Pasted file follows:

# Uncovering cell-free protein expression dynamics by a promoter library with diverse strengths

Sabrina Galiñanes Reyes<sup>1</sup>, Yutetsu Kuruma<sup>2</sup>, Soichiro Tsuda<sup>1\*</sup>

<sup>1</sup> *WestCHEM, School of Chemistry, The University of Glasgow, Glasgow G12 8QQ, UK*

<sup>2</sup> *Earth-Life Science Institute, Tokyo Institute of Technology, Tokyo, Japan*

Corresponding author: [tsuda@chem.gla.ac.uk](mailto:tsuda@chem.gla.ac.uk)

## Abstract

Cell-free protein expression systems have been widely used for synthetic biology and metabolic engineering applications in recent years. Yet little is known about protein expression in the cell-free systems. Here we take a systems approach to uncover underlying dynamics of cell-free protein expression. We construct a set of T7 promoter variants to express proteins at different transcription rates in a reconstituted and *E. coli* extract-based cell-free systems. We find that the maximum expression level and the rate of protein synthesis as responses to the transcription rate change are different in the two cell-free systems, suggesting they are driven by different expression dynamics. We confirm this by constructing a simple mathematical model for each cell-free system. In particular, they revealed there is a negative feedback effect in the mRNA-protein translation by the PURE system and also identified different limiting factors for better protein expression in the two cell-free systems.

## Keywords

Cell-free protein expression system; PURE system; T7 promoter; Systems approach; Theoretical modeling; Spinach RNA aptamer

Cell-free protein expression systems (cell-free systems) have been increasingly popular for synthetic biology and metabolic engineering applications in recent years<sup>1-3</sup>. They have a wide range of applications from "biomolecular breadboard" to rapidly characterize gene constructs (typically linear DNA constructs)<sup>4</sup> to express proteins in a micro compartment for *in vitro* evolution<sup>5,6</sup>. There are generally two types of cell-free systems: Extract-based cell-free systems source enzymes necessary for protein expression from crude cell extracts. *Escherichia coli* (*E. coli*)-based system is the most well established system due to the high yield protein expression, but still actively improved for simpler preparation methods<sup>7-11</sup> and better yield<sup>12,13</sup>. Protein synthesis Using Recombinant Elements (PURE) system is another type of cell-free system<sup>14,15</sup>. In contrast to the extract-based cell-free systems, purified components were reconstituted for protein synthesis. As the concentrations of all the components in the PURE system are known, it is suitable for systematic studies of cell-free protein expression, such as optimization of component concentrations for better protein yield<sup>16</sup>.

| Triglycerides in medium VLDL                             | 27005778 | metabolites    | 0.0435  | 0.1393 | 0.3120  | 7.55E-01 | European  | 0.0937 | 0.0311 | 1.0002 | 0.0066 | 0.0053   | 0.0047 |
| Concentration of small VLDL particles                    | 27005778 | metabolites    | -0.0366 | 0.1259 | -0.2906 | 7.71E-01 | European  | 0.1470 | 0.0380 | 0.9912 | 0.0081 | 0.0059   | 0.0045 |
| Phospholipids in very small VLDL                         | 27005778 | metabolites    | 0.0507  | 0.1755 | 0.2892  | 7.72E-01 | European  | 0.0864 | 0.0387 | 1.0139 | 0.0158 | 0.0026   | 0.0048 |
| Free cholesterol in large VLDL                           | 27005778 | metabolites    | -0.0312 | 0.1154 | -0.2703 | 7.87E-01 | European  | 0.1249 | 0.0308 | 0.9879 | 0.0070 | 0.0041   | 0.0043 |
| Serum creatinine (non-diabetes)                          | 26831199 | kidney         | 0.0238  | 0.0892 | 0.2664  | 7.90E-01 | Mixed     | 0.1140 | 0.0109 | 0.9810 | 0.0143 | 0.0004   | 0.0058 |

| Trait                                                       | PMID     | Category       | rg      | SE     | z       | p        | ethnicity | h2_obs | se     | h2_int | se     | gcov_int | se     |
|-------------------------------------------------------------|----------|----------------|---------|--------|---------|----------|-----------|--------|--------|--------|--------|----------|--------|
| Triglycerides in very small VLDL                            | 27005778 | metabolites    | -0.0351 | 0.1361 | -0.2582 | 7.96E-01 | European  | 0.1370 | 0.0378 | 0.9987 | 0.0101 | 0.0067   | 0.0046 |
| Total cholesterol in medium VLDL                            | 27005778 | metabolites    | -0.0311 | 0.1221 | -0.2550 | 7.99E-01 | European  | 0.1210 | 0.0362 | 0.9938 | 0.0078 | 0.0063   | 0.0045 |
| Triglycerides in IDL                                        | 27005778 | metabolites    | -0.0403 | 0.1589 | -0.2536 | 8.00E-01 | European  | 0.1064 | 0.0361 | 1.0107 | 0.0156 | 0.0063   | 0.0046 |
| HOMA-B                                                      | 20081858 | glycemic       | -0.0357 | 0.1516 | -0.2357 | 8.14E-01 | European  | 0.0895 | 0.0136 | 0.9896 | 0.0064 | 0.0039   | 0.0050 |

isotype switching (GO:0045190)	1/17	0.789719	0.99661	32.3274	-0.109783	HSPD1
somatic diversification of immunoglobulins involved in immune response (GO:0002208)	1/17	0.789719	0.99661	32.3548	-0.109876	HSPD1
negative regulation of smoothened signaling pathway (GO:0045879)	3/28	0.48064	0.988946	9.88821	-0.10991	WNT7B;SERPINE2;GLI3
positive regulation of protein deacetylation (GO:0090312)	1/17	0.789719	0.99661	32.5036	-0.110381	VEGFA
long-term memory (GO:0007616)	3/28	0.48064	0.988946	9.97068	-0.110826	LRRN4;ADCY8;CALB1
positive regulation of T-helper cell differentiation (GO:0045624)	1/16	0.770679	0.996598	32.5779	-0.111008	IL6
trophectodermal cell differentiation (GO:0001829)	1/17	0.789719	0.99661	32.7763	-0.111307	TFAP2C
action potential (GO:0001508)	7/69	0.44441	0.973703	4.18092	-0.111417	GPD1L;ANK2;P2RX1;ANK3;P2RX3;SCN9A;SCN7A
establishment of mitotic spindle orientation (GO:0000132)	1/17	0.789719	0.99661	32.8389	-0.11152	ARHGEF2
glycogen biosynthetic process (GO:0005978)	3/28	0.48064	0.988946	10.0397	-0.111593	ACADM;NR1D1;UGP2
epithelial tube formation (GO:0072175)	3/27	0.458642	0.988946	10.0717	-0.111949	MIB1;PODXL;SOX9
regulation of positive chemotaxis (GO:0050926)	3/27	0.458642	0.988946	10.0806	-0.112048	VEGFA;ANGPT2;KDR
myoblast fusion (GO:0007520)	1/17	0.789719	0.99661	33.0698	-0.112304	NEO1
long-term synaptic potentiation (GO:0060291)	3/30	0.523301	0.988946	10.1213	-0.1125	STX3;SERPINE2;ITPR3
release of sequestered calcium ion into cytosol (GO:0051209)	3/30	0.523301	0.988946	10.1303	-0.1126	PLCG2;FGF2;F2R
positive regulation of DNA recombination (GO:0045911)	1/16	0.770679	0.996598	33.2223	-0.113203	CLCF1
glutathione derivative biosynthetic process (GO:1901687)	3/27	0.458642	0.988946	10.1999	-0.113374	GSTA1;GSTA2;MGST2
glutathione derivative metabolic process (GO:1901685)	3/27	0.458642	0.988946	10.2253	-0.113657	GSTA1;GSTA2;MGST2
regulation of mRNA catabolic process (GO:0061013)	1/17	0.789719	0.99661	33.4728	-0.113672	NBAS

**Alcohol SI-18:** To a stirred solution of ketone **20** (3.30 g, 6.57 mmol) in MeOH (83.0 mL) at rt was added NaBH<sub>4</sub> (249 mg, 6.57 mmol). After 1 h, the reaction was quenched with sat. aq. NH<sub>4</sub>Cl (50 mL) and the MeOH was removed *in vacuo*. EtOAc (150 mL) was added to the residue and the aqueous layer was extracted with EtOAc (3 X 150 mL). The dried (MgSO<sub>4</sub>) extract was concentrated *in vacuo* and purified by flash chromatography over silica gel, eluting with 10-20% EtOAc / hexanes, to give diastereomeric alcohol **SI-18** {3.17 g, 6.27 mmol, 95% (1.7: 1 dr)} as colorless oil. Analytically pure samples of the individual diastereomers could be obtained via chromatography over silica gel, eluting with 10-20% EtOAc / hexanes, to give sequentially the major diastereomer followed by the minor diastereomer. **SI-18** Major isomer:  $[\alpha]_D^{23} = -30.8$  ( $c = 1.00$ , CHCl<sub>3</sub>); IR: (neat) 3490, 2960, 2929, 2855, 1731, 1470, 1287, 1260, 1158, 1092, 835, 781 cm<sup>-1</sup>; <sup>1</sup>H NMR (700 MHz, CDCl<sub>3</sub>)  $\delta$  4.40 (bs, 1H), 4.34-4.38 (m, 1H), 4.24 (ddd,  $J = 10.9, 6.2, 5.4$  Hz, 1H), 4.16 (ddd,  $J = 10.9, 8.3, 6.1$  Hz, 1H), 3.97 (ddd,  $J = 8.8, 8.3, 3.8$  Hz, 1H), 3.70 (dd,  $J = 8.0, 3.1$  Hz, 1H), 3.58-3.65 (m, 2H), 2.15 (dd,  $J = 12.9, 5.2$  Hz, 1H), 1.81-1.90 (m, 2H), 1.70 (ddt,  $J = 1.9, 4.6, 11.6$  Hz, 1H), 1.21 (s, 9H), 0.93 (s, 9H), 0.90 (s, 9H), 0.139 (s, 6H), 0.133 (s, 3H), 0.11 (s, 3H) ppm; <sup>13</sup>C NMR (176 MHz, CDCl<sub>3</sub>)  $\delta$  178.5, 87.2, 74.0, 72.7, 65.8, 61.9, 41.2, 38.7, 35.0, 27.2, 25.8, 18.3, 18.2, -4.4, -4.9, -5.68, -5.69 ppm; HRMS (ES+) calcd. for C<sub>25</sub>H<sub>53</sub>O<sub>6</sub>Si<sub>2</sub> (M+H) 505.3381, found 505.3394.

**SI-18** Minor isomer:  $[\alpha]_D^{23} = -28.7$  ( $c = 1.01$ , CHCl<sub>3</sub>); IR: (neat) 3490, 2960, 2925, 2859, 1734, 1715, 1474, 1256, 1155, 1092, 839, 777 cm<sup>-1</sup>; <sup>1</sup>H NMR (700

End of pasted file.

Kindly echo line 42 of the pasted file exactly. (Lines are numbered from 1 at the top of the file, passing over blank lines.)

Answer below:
**SI-18** Minor isomer:  $[\alpha]_D^{23} = -28.7$  ( $c = 1.01$ , CHCl<sub>3</sub>); IR: (neat) 3490, 2960, 2925, 2859, 1734, 1715, 1474, 1256, 1155, 1092, 839, 777 cm<sup>-1</sup>; <sup>1</sup>H NMR (700